6. Measure the signal intensities of dot spots with a densitometer. For the cDNA controls, no signals should be visible. For actin cDNA, the signal intensities should increase with amplified cycles, but no differences should be seen for any cell or tissue type or all developmental stages, or treated and untreated tissues. In contrast, if the expression of a specific gene is nonconstitutive but inducible with cell- or tissue-specific or chemical treatments, clear signal patterns of amplified cDNA dot blot hybridization can be seen. The signal for each sample should be stronger with amplified cycles (Figure 10.4).

7. If it is necessary to determine the size of PCR products, the cDNAs can be analyzed using 1.0 to 1.4% agarose gel electrophoresis and Southern blot hybridization using the target sequence as an internal probe (Figure 10.5).

Reagents Needed

First-Strand 5X Buffer

50 mM MgCl2

250 mM KCl

2.5 mM Spermidine

50 mM DTT

5 mM Each of dATP, dCTP, dGTP, dTTP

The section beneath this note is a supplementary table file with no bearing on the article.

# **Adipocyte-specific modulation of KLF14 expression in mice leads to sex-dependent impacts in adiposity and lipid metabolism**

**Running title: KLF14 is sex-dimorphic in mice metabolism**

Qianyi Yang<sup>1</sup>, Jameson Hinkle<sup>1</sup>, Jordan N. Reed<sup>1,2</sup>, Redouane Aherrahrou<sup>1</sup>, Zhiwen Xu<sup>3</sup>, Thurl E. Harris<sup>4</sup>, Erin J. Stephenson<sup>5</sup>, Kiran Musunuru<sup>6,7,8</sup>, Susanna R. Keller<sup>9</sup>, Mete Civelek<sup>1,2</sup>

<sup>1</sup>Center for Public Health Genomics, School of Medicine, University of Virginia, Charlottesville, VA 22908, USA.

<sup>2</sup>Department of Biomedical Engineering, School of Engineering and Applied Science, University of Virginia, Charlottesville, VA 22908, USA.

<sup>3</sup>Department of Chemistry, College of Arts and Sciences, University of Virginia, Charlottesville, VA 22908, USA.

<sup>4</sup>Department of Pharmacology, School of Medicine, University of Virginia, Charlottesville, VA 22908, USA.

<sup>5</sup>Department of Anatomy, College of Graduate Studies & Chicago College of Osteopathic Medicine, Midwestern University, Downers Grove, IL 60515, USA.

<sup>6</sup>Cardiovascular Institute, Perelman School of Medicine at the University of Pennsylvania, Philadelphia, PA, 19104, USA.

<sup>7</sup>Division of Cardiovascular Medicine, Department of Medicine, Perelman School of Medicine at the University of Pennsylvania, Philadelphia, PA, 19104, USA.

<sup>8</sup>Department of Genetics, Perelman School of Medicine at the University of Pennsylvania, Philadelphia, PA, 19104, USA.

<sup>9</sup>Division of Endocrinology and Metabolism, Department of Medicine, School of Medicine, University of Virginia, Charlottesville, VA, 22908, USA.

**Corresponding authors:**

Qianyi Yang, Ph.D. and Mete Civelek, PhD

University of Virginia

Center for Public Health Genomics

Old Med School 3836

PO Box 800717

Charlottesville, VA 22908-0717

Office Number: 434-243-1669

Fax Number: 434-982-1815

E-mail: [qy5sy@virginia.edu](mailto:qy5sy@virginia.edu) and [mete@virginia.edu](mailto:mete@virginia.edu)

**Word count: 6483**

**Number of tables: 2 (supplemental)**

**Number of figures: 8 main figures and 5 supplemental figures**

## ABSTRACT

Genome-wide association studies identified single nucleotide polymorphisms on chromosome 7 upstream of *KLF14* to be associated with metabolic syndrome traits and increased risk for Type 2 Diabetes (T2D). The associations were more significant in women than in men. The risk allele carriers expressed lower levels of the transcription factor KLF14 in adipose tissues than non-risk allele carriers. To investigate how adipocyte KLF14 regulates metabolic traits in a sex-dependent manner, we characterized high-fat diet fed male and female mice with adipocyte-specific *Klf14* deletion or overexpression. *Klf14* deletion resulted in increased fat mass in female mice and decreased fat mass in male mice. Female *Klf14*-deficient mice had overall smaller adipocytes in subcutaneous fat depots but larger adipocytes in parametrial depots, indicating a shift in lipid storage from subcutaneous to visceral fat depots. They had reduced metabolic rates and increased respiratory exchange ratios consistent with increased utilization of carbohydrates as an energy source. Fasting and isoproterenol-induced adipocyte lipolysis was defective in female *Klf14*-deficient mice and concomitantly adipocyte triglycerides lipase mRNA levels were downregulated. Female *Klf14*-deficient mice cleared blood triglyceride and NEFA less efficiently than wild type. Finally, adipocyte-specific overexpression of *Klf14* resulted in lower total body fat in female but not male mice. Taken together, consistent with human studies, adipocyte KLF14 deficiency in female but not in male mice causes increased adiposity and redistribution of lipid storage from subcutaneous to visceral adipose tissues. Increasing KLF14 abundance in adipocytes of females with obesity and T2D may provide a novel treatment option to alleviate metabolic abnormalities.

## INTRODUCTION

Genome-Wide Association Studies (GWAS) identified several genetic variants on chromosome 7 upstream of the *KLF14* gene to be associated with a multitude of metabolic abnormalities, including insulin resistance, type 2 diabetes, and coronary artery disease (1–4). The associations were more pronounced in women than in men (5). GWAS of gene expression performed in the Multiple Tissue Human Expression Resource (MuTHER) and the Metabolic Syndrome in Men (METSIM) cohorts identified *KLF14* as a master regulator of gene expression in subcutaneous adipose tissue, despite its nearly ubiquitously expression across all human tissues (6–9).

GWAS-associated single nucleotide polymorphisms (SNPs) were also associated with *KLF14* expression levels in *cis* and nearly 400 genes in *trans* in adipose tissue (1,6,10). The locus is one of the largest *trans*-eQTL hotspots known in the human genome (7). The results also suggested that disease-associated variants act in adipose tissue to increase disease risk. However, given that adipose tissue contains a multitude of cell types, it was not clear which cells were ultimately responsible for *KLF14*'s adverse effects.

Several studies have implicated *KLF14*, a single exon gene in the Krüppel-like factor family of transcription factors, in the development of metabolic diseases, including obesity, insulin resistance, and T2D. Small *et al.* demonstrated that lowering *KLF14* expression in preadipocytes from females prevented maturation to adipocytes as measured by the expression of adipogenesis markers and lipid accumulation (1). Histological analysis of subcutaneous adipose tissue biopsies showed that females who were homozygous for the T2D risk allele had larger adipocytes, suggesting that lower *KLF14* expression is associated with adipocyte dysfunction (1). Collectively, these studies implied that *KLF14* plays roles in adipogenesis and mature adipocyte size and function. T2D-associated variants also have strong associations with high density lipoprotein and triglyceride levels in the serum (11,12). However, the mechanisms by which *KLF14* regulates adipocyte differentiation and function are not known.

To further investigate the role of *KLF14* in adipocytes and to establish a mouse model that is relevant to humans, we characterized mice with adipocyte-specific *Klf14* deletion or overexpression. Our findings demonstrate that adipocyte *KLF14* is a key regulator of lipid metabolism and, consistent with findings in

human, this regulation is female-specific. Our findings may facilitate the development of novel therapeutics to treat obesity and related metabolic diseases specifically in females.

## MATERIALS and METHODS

PCR Cycle mRNA Expression Actin mRNA as a control

Treated Untreated Treated

10 15

Time-course of treatment (hours) FIGURE 10.4 Dot blot hybridization showing expected semiquantitative PCR products.

mRNA Expression Actin mRNA as a control

--Treated Untreated Treated

10 15

20 25 30

24 48 72 24 48 72 24 48 72 Time-course of treatment (hours) FIGURE 10.5 Southern blot hybridization showing expected semiquantitative PCR products.

10X Amplification Buffer

500 mM KCl

15 mM MgCl2


1. Following electrophoresis, distribution of RNA species stained by EtBr is near the very bottom in some lanes instead of a long smear ranging from the top to the bottom of the lanes. This is due to obvious RNA degradation by RNase during RNA isolation, RNA storage or elec-trophoresis. Ensure that RNAs are handled without RNase contamination.

2. Two rRNA bands are not sharp, but instead are quite diffused. The voltage used for electrophoresis is too low and the gel is run for too long. To obtain the best results (sharp bands), a gel should run at an appropriate voltage.

3. After transfer is complete, obvious RNA staining remains in the agarose gel. RNA transfer is not efficient or complete. Try to set up the RNA transfer carefully and allow blotting to proceed for a longer time.